Hello, everybirdie! I know you’re super excited to hear me ramble about the bird smooching game, but I feel it important to note that I am literally going to spoil everything that happens at St. PigeoNation’s. Hatoful Boyfriend is a ridiculous idea for a game, but it is legitimately heartfelt and a wonderful experience to play, even if you’re not a dating sim kinda person. Well, I think so, anyway. If you haven’t played it, I highly suggest it! But if you don’t care, at least you’ve been warned.
Friend of the site Kenny Riot returns to brave a haunted village with only a camera.
So, a good friend of mine, Caitlin, is a big fan of this survival horror series that I’ve been hearing about since its creation, Fatal Frame, yet I had personally never played any of them until she convinced me to try one of ‘em. So, she started me on the second entry in the series, Fatal Frame II: Crimson Butterfly. Now, Survival Horror as a genre, and I, have a bit of a tense relationship. It’s not like I’m some kind of wuss when it comes to those games, it’s that certain tropes of the genre kinda get on my nerves, and those tropes ARE present in this game, but I digress. The point is that despite my personal issues with the genre, Fatal Frame II does a whole lot of things right, and firstly, I have to give props to the setting and premise. You’ve got these twin sisters, Mio (who you play as) and Mayu (the damsel in distress) who are visiting their favorite spot to play at when they were children, a forest in Minikami, when a butterfly entrances Mayu, and so she follows its lead. Mio, trying to not lose her sister, follows her, and the two of them end up in a strange and seemingly abandoned village. Turns out, an urban legend known as the “Lost Village” is true, and now they’re in it. Mayu is now acting strange and there’s all these butterflies all over the place. Mio has to try to get her sister back and get them both out of there. Why? Well, play the game and find out.
Spoiler alert: Cursed Mountain is about a mountain that is cursed. That is sort of my biggest issue with the game. There isn’t much in the way of mystery, and I just don’t like horror that’s that simple and explainable. A dude goes missing on a big mountain, his brother goes to find him, it turns out there was some ritual for blessing the climb that went wrong and so the spirits of the mountain are angry. Don’t get me wrong, I enjoy a good angry ghost story. I really like some of the Ju-on movies, but there just isn’t anything interesting about the ghosts in this game. There is a lot of depth to the ghosts in the Fatal Frame games, with different personalities and stories, but in Cursed Mountain they are just angry monsters that want to grab people.
There are relatively few touchstones that we talk about when it comes to the survival horror genre, and it’s not particularly a coincidence that the two with the most enduring legacy came out at opposite ends of the Playstation era, and with nearly opposed intentions of how to best manipulate and frighten the player. Resident Evil, with its b-movie goofiness and jump scares, helped kickstart the Playstation era. Silent Hill came out only a year before the Playstation 2, a much more confident exercise in psychological horror. The surprising and nasty ways in which it intimidates, confuses, and frightens the player could only come from designers who fully understood the limitations and capabilities of the genre they were working in, and how to subvert them.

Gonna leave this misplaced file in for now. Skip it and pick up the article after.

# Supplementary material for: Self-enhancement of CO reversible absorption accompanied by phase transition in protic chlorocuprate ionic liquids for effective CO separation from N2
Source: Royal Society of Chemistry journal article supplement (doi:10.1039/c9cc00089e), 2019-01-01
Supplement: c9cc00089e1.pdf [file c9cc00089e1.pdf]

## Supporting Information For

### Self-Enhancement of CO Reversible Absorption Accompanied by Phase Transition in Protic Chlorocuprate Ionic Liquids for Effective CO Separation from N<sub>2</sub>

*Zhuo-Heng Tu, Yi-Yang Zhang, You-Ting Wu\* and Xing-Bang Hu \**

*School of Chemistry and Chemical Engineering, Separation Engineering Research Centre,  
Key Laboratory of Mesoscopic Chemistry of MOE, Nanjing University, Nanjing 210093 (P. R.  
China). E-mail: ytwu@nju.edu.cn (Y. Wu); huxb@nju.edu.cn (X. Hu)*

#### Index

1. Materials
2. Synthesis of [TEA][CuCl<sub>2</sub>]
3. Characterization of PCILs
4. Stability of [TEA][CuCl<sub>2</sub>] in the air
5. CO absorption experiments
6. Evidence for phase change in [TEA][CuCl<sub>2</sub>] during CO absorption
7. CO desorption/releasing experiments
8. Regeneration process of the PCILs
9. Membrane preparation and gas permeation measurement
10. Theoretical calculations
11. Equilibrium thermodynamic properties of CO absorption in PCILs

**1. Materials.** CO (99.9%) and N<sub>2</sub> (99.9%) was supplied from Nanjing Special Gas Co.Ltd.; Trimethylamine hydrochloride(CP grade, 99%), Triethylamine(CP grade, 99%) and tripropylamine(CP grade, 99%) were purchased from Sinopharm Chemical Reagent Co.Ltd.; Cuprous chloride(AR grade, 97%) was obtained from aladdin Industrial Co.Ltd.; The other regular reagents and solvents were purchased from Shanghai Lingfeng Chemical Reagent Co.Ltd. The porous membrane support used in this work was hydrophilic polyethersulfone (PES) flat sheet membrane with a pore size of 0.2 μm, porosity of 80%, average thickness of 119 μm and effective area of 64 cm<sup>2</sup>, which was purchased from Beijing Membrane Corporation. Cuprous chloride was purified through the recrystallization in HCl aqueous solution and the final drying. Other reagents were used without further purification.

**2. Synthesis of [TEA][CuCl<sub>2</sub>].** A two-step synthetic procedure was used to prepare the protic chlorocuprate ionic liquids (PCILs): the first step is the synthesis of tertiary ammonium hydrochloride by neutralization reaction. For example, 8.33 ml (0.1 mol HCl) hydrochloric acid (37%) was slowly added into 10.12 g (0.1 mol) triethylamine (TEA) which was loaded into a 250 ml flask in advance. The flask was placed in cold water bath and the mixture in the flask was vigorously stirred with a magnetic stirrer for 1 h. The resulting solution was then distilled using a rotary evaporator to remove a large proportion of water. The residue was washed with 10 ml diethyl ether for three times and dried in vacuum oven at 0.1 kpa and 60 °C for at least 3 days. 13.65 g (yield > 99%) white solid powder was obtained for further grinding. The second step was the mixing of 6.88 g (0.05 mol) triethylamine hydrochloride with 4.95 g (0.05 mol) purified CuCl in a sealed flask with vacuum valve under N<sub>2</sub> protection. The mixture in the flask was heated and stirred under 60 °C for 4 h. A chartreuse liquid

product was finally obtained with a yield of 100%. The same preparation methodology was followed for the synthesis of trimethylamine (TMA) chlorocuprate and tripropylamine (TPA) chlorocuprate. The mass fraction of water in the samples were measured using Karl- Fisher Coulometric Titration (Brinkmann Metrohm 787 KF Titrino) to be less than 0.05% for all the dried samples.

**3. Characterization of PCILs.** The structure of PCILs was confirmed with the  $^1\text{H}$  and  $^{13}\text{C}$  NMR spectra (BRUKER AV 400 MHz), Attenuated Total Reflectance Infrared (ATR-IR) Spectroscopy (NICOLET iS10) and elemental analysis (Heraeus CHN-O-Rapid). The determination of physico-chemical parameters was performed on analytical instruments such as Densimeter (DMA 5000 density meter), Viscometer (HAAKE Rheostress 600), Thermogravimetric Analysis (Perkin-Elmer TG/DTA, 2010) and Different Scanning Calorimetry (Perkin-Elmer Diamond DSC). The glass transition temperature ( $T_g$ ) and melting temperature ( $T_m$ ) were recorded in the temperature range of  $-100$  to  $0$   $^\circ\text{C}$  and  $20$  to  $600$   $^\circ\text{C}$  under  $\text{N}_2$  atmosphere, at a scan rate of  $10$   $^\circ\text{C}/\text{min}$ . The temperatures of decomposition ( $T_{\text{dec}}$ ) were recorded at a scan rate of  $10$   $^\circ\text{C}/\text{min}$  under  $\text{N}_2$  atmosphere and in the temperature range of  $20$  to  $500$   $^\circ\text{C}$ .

From the very beginning, there’s the serious sense that something — everything — is wrong.
Friend of the site Justin Hoeger dons a skull mask and trades whale oil for today’s installment.
In Dishonored, you’re a wronged man out for revenge on evil people, and you have plenty of sharp objects to stick in them, and many ways to sneak around without being noticed before and after. At first glance, maybe it seems more Assassin’s Creed than City of the Living Dead.
Lee Spriggs returns to type at some zombies in today’s installment.
My generation learned to type with Mavis Bacon and Mario Teaches Typing. Someday, if I am so lucky, my own children will grow up learning to type with THE TYPING OF THE DEAD: OVERKILL!
Ok, that’s probably an overstatement. Although there’s a surprising amount of educational material in this game, ranging from how many permutations of the word “fuck” you can fit into a cutscene, to various creative vulgarities like “fetid fondle” and then, with the DLC, a whole bunch of Shakespeare!
Nick Rycar’s silhouette returns to write about LIMBO.
Atmosphere is a tricky thing. We’ve all encountered the same scenario at some point or another, I’m sure. Thousands of developers spend hundreds of hours tweaking every knob in the next-generation toolbox, and while the end result might be a particularly attractive rendering of a kobold’s lair or the New York subway system or whatever, within minutes our brains are able to see past the paper-thin veneer and realize that we’re traipsing through what amount to a series of shoebox dioramas connected by cardboard tubes. In other words, the experience is dull, samey, and despite the fancy trappings, not at all immersive.